Hulu eyes Down Under (again)
Are broadcasters ready to play?
Periodic and breathless speculation about when Hulu is going to jump into the Australian market has re-emerged, for the umpteenth time since 2009.
Problem is, Hulu hasn’t been able to get the local broadcast industry on board. Moreover, the pretty much constant upheavals in the business keep Australian TV networks distracted from planning for the future.
Hulu, which is owned by three of the largest US broadcast networks (Fox, NBC and ABC) has been courting Australian broadcasters since 2009 when Hulu appointed Johannes Larcher as senior VP for international. Larcher makes frequent trips to Australia doing the broadcaster rounds, and has publicly stated that Australia is on his wish-list for international expansion.
Last month at an IPTV forum in London, he said: ‘‘We are going strong on several opportunities internationally.” He added that while the technology has been built from the ground up to be global and international, the biggest challenge is access to content.
“Unless we can see a way to secure that content at reasonable economic terms, then it’s going to be difficult for us,” he said.
“We not only have deals with the three studios but 250 other partners. Our relationships are generally very positive and we can leverage part of those relationships in other markets, but the biggest challenge is access to great content.”
A Sydney Morning Herald report points to Hulu’s recent filing for an Australian trademark on March 29 as a clue that a move was imminent.
However, the game-changing web TV player has also had local domain name hulu.com.au registered for just over a year.
The failed Freeview talks
Last year it was believed that a deal was close to being finalized with Freeview, the industry body representing all the free-to-air broadcasters, but talks collapsed due to technical issues associated with digitizing the archives of the various networks.
In February it was widely touted that Australian broadcasters Network Nine and Ten were close to stitching up a deal with Hulu, but dramatic changes at Ten may have put these plans on hold. Industry insiders think that Lachlan Murdoch has been driving discussions with Hulu, via his News Corp interests on behalf of the Ten network.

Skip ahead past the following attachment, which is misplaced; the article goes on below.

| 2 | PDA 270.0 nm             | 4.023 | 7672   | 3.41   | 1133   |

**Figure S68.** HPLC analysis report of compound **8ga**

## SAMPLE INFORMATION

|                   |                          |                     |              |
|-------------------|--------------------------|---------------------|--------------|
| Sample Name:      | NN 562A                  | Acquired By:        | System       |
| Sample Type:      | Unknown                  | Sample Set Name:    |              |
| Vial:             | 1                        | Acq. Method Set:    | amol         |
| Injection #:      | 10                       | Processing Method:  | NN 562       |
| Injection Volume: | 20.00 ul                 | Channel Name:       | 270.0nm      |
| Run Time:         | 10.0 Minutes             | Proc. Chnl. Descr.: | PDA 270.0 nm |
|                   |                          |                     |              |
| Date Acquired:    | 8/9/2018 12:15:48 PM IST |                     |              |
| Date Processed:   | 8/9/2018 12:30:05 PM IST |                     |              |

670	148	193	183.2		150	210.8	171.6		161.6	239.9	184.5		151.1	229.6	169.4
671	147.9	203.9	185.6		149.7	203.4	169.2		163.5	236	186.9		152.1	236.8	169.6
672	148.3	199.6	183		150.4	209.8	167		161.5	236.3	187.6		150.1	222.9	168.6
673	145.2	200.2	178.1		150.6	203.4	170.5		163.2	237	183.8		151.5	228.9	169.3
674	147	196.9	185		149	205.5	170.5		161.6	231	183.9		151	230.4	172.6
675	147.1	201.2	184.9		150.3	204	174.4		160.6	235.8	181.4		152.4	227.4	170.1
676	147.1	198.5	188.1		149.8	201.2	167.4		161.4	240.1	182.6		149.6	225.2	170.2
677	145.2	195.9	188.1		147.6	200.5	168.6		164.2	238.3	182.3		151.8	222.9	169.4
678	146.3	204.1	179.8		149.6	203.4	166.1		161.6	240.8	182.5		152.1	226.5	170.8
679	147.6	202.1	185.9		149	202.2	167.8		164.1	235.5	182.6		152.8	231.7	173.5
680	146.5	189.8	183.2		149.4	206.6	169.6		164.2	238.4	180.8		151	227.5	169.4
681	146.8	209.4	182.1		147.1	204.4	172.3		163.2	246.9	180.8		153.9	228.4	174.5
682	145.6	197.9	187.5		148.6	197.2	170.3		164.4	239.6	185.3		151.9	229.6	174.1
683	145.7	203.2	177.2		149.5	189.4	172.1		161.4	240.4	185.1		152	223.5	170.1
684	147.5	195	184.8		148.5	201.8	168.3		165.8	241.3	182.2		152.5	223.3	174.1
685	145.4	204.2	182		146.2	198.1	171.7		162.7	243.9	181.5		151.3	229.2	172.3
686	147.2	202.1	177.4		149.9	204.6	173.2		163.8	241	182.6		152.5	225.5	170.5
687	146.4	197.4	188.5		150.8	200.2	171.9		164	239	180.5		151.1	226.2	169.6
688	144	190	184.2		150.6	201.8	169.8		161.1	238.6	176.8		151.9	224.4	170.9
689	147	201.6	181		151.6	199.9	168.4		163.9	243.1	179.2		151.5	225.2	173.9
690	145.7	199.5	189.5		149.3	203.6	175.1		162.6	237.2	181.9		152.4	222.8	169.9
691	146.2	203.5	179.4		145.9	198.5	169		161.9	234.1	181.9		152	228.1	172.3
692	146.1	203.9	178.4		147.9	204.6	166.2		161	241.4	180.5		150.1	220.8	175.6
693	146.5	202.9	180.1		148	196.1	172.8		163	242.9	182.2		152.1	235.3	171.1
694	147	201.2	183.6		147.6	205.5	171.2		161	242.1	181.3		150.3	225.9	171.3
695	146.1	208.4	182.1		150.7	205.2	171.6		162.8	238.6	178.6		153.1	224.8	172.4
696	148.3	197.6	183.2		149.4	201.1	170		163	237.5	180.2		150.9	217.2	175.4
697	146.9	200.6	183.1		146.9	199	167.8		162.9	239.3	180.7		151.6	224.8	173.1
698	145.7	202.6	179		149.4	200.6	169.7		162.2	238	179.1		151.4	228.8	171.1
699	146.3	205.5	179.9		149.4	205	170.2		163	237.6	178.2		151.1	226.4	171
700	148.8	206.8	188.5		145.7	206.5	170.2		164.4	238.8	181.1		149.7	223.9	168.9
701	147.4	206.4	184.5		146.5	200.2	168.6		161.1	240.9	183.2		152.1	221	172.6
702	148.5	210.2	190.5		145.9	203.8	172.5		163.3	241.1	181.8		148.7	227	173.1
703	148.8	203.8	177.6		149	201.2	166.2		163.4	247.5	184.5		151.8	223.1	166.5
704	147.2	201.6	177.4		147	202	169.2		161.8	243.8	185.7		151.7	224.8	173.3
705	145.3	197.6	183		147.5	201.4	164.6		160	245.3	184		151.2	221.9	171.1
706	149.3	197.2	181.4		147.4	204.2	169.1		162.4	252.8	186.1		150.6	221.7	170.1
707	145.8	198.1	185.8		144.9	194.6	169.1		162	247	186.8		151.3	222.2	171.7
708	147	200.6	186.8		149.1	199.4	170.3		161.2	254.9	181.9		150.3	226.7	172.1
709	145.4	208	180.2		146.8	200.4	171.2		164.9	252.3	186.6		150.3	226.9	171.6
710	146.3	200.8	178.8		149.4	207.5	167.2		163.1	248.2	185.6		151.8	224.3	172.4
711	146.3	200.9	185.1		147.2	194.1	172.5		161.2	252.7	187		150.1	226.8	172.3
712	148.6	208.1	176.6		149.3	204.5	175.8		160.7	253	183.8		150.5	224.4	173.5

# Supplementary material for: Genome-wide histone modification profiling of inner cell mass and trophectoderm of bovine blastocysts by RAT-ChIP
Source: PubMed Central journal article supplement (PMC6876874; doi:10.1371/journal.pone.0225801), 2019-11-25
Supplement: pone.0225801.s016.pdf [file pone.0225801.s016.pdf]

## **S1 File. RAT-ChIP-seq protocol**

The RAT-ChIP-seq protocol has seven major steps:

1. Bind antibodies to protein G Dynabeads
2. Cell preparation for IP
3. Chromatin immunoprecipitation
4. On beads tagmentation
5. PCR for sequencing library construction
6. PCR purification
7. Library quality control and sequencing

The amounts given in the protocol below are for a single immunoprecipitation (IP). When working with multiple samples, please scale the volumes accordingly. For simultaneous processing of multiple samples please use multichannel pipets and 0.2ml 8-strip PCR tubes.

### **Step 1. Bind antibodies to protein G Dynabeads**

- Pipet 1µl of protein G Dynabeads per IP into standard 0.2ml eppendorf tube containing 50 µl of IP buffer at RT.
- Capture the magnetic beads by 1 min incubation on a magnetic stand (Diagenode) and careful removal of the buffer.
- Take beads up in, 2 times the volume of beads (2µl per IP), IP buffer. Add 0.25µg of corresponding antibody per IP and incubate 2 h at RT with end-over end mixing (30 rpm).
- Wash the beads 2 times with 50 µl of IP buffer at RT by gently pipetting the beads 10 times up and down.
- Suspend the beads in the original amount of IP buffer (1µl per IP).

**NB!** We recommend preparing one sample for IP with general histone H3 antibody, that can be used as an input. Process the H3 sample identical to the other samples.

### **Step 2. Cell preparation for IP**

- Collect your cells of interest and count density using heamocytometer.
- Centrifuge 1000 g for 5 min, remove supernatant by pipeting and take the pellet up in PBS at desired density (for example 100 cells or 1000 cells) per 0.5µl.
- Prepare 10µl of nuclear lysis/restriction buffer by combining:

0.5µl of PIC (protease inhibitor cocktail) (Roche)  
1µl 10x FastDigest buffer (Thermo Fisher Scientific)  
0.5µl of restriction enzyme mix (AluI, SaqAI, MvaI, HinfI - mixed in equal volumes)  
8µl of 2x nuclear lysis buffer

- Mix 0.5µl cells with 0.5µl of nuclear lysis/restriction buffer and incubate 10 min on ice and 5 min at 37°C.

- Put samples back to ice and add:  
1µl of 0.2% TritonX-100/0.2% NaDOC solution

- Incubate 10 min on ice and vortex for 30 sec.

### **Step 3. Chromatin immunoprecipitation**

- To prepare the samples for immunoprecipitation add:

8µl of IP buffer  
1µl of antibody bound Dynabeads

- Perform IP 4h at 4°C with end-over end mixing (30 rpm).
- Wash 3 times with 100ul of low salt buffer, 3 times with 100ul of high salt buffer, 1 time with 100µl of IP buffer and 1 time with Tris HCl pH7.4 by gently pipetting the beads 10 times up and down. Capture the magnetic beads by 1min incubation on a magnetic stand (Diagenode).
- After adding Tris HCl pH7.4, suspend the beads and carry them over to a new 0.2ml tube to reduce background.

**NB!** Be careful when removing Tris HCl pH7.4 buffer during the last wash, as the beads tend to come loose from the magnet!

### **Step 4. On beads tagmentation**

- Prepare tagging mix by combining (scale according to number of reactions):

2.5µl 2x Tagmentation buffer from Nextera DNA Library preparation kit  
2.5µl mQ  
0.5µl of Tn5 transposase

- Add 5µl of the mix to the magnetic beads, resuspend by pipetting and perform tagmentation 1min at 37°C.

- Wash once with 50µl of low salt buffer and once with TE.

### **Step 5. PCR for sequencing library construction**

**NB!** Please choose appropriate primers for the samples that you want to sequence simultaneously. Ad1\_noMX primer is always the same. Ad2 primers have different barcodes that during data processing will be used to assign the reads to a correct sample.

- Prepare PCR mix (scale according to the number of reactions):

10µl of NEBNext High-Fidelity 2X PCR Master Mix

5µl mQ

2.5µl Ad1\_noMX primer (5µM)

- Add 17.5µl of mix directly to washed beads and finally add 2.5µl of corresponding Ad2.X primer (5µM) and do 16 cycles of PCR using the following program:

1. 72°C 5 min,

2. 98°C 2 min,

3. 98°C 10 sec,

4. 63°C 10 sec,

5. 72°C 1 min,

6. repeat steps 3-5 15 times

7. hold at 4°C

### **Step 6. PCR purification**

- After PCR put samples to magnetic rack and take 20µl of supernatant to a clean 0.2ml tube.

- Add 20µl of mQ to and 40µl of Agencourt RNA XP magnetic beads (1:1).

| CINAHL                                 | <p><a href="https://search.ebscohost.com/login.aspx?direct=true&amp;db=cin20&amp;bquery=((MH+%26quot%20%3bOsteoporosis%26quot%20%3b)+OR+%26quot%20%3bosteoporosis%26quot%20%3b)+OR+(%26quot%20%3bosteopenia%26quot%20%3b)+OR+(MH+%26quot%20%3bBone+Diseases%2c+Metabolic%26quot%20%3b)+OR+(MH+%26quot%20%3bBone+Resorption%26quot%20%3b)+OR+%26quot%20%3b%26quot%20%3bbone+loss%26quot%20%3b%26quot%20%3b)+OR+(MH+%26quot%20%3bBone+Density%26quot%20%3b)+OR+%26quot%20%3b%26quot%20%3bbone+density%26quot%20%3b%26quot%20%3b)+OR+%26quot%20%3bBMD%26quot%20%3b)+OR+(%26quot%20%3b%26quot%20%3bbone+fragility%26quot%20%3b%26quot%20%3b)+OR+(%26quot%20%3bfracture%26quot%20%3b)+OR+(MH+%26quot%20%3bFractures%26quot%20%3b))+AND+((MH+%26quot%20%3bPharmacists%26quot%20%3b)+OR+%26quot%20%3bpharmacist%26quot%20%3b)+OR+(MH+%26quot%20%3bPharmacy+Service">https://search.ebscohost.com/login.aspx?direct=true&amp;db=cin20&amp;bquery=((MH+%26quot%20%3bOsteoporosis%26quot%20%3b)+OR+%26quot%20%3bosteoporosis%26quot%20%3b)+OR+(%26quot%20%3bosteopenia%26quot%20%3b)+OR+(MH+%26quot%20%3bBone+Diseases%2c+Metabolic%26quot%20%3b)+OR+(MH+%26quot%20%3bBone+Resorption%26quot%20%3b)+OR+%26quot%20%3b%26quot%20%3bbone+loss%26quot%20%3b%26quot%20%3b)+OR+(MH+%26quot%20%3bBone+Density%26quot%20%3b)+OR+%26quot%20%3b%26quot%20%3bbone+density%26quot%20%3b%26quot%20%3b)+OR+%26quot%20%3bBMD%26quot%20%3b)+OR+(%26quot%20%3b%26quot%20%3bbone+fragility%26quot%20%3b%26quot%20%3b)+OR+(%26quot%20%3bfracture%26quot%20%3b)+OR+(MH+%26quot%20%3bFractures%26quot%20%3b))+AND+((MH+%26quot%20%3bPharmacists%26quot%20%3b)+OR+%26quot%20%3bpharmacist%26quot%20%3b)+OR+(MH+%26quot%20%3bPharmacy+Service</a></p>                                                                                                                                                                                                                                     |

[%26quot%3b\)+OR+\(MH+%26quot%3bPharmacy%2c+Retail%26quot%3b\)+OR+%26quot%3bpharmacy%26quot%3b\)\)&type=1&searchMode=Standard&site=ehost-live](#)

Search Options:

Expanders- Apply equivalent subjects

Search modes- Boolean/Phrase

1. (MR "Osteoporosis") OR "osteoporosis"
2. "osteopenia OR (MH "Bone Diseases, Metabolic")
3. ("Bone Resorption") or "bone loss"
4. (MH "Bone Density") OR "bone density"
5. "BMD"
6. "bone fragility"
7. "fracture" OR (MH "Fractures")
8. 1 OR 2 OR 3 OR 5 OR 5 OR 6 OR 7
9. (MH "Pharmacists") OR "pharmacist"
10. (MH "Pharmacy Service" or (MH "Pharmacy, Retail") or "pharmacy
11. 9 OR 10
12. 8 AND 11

Hulu’s premium content model would certainly provide a gust of fresh air to the broadcasting sector but may also chill the attempts of IPTV aspirants FetchTV, along with Telstra and Foxtel, which are dabbling with their own versions of web TV.
Aggressive moves in this area seem to be hedged around the advent of the National Broadband Network to provide ubiquitous high speed broadcast quality internet access to consumers.
Hulu, which only operates in the US, offers two services: an advertiser supported OTT (“over the top”) service providing catch-up TV and archived library content of over 3000 different shows. In November, it launched its second model: Hulu+ , a subscription model with advertising. Hulu claims 30 million unique users a month and has 400 advertising clients along with its 250 content partners.
The operator is taking advantage of the rise of connected TVs and devices in order to provide a seamless service across any device.
As web TV pioneer and the BBC’s YouView founder Anthony Rose warned during a visit to Sydney last month: “Broadcasters and content providers must be able to control a combination of all those end destination experiences. And they need to do that to remain relevant today and keep their eyeballs.”
He added that “the reality is that every TV produced in the next 6-9 months in a developed country is going to be a connected TV. So by 2014 the majority of TVs will be connected to the Internet and if the content offerings are good they will be connected.”
Rose also warned that if “Australian media players are predicating their futures on an NBN environment, they should stop. The train’s coming – you can’t wait for another train that starts in five to ten years
“You have to go with what exists today, you can never wait for the future,” he concluded.
Sponsored: RAID: End of an era?